The unconventional presentation of meals in the dark is based on the principle that your senses, such as taste and smell, are heightened in the absence of sight. Theoretically, you can smell all the herbs in your chicken or taste the complex flavors of the sauce on your pasta with much more clarity. But does this idea really hold water, or is it just a trick of the brain when we find ourselves unable to see? The answer can be a bit of both.
According to LiveScience, people blind at birth or from an early age may have “enhanced senses” due to the brain adapting to make the most of its environment. While that certainly doesn’t mean a blind person has some kind of “super” hearing or taste (at least, as far as we know), the process of neurons in the brain making new connections to better interact with the environment is responsible. A 2019 University of Washington study of hearing differences between blind and blind people found the former had tighter “neural tuning,” meaning blind people can pick up sounds better. in an environment.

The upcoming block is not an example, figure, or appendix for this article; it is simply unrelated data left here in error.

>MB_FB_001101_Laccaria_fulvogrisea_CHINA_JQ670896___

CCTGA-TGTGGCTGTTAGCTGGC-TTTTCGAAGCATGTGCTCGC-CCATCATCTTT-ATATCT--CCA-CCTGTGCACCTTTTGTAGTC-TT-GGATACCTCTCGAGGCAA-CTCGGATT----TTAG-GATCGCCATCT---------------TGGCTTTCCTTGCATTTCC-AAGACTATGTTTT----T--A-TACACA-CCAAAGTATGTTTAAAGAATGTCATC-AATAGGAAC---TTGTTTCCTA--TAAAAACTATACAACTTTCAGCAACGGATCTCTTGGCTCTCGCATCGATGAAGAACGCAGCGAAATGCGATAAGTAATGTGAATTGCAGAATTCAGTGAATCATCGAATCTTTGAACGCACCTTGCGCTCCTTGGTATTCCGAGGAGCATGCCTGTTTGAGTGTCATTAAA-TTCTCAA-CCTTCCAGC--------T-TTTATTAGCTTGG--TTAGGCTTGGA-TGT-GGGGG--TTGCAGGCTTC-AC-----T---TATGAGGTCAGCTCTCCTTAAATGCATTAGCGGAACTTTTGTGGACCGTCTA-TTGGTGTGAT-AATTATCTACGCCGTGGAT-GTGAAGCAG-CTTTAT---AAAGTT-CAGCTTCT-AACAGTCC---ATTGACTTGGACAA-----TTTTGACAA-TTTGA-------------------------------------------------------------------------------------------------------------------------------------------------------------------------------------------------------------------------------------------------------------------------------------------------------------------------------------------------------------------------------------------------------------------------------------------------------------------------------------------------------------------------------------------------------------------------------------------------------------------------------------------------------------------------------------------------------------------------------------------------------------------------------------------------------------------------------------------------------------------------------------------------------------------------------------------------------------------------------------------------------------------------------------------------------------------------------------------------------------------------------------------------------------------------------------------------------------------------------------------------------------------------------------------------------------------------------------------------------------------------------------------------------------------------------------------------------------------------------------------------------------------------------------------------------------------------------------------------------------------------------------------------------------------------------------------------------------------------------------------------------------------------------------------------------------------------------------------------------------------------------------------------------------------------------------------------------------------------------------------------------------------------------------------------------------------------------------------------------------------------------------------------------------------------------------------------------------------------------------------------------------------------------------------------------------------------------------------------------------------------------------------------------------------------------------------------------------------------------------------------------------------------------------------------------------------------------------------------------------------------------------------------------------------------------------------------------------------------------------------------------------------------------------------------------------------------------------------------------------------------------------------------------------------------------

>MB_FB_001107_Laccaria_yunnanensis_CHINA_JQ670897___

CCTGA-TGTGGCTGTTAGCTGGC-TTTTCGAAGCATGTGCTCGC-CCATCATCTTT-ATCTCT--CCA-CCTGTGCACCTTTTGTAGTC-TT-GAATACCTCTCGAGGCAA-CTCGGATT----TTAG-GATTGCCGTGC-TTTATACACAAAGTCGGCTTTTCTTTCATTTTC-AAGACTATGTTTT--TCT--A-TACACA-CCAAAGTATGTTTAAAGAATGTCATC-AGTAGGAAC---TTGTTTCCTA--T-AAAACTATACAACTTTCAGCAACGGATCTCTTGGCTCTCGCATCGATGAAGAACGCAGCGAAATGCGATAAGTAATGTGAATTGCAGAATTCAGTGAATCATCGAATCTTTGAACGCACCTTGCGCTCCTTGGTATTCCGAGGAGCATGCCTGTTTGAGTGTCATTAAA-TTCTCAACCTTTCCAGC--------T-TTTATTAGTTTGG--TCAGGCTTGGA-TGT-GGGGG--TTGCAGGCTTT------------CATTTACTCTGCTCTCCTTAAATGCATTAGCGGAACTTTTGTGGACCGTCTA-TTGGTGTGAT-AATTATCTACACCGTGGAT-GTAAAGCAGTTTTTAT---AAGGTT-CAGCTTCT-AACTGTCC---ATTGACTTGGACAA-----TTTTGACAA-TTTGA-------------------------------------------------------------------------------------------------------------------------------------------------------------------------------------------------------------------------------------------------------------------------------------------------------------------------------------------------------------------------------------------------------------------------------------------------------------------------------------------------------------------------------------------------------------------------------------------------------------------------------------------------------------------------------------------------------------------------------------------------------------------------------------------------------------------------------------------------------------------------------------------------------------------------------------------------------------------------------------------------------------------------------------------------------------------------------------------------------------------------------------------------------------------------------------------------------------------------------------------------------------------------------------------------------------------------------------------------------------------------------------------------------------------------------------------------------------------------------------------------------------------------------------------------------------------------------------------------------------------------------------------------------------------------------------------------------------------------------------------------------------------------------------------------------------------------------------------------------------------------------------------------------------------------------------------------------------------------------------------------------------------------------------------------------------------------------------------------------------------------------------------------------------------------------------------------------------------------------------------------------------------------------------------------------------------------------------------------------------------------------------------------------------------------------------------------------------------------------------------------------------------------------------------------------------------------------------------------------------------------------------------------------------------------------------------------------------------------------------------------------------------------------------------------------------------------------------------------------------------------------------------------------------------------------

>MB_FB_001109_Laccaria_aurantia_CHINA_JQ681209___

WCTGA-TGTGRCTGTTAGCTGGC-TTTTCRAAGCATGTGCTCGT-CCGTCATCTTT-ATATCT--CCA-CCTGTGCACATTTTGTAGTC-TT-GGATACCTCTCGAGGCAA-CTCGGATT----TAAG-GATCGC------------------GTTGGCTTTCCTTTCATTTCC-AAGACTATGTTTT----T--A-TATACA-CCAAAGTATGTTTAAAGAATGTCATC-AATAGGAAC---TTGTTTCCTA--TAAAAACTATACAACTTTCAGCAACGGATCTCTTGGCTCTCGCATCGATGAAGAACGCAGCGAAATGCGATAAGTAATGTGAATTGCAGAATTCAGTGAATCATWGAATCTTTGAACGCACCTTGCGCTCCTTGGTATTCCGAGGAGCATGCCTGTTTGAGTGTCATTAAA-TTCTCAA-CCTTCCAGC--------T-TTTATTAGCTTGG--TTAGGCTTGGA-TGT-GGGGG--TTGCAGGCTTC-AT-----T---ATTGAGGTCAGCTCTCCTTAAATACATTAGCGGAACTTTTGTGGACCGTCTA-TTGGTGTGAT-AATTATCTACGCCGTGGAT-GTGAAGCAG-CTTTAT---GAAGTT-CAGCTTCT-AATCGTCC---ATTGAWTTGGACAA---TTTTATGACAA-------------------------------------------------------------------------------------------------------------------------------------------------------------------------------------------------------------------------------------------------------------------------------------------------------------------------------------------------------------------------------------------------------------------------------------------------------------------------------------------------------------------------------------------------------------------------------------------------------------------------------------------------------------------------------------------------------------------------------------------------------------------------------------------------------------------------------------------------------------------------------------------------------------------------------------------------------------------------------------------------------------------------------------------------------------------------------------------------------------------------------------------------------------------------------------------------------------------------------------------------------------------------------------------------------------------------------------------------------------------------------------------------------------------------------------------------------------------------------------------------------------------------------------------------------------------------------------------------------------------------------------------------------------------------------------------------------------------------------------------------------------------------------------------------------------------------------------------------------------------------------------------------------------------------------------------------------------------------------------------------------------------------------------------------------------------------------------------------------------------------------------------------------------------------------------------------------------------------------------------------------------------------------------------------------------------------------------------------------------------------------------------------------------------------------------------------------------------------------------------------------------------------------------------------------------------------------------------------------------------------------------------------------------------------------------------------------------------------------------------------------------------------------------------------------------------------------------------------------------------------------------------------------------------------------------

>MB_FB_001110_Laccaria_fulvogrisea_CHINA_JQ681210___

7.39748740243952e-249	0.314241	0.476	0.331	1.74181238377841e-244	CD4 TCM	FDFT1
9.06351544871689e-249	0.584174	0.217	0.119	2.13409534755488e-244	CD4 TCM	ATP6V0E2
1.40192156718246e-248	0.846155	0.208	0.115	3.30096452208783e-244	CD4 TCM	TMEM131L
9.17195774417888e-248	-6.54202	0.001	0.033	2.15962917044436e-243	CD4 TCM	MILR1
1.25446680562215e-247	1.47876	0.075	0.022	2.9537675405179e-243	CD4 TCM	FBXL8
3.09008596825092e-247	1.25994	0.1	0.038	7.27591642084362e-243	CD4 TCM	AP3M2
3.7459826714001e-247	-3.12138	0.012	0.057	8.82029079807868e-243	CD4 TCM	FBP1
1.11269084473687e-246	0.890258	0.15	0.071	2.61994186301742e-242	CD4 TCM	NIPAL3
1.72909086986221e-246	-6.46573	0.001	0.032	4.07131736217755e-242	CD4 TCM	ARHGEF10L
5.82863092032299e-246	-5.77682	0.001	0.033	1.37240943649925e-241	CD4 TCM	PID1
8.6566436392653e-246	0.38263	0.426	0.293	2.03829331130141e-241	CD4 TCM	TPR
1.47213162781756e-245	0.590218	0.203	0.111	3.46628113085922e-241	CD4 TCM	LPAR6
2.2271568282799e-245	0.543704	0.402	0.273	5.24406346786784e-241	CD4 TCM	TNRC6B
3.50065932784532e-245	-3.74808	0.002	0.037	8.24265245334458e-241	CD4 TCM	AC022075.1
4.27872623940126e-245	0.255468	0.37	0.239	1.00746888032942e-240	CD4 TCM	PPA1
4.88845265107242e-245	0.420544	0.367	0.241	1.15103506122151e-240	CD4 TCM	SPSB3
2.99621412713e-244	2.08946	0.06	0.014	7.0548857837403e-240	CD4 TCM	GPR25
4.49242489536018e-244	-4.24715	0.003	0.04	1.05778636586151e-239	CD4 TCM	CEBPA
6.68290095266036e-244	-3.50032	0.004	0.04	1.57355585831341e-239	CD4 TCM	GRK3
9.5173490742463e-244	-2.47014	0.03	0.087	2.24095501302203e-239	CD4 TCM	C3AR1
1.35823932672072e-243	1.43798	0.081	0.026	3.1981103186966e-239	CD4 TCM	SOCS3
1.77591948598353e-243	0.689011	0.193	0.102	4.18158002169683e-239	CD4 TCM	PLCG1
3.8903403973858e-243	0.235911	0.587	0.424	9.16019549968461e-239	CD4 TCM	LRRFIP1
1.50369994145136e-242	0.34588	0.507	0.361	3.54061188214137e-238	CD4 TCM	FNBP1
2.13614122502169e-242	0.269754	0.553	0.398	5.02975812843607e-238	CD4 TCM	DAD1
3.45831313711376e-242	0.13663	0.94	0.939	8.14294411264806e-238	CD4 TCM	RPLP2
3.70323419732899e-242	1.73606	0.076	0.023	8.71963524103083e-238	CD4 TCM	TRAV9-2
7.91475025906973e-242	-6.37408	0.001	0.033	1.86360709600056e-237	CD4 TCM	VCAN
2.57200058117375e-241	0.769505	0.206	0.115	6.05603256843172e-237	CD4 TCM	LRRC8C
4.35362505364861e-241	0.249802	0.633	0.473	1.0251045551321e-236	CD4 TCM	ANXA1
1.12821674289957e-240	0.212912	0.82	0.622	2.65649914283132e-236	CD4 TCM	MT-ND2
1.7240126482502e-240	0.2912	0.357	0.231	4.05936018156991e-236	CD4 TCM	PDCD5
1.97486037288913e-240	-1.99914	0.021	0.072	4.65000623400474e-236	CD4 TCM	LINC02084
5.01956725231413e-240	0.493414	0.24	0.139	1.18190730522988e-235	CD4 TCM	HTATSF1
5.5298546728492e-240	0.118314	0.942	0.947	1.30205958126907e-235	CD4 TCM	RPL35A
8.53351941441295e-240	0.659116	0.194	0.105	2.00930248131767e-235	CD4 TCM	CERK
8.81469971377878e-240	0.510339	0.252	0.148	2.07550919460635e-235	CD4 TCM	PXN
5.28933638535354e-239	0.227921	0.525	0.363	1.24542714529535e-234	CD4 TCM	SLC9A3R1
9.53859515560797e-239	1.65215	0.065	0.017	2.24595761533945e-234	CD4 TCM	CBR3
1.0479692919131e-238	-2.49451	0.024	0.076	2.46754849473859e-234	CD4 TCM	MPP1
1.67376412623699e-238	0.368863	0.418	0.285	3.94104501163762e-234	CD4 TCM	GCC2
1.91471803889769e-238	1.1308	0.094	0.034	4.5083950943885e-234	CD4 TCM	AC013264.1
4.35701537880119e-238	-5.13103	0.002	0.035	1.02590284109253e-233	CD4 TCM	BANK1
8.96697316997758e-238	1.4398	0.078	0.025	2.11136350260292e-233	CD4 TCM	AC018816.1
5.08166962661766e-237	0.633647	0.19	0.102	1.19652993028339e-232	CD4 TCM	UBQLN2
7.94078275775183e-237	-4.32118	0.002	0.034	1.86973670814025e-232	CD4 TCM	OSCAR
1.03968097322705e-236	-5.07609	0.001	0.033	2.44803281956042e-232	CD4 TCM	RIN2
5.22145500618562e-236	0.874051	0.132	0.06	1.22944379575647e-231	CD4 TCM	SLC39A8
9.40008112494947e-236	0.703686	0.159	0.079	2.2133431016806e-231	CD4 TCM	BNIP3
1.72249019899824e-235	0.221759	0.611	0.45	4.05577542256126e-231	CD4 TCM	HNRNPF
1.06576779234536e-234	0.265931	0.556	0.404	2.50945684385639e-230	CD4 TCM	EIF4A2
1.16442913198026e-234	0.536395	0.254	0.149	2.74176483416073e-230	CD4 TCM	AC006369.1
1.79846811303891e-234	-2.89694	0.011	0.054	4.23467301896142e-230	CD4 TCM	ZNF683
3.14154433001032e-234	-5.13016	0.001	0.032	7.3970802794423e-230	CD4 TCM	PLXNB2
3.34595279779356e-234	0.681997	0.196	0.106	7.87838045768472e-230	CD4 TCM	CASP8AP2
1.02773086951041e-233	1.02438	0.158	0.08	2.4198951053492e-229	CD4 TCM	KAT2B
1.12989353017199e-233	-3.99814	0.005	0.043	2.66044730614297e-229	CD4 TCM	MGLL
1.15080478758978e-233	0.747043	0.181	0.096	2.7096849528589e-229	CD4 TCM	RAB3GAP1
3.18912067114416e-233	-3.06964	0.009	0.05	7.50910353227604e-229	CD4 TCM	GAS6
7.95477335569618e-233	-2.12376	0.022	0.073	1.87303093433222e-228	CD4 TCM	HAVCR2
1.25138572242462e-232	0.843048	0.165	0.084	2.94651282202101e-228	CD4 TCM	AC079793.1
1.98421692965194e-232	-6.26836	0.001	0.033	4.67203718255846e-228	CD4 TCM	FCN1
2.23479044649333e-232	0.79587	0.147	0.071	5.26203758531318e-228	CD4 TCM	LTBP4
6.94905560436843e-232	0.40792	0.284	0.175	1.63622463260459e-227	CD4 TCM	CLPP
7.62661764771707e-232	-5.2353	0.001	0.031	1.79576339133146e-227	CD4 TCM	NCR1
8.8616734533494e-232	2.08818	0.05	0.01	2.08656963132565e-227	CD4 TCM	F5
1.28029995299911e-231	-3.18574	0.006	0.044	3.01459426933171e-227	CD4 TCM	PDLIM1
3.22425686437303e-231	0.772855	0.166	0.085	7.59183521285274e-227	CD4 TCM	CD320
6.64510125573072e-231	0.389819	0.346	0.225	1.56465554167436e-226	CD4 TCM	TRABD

While dining in the dark to appeal to other senses more might seem a bit strange, this isn’t the first time restaurants have done something bizarre to create a unique atmosphere for those who want to partake.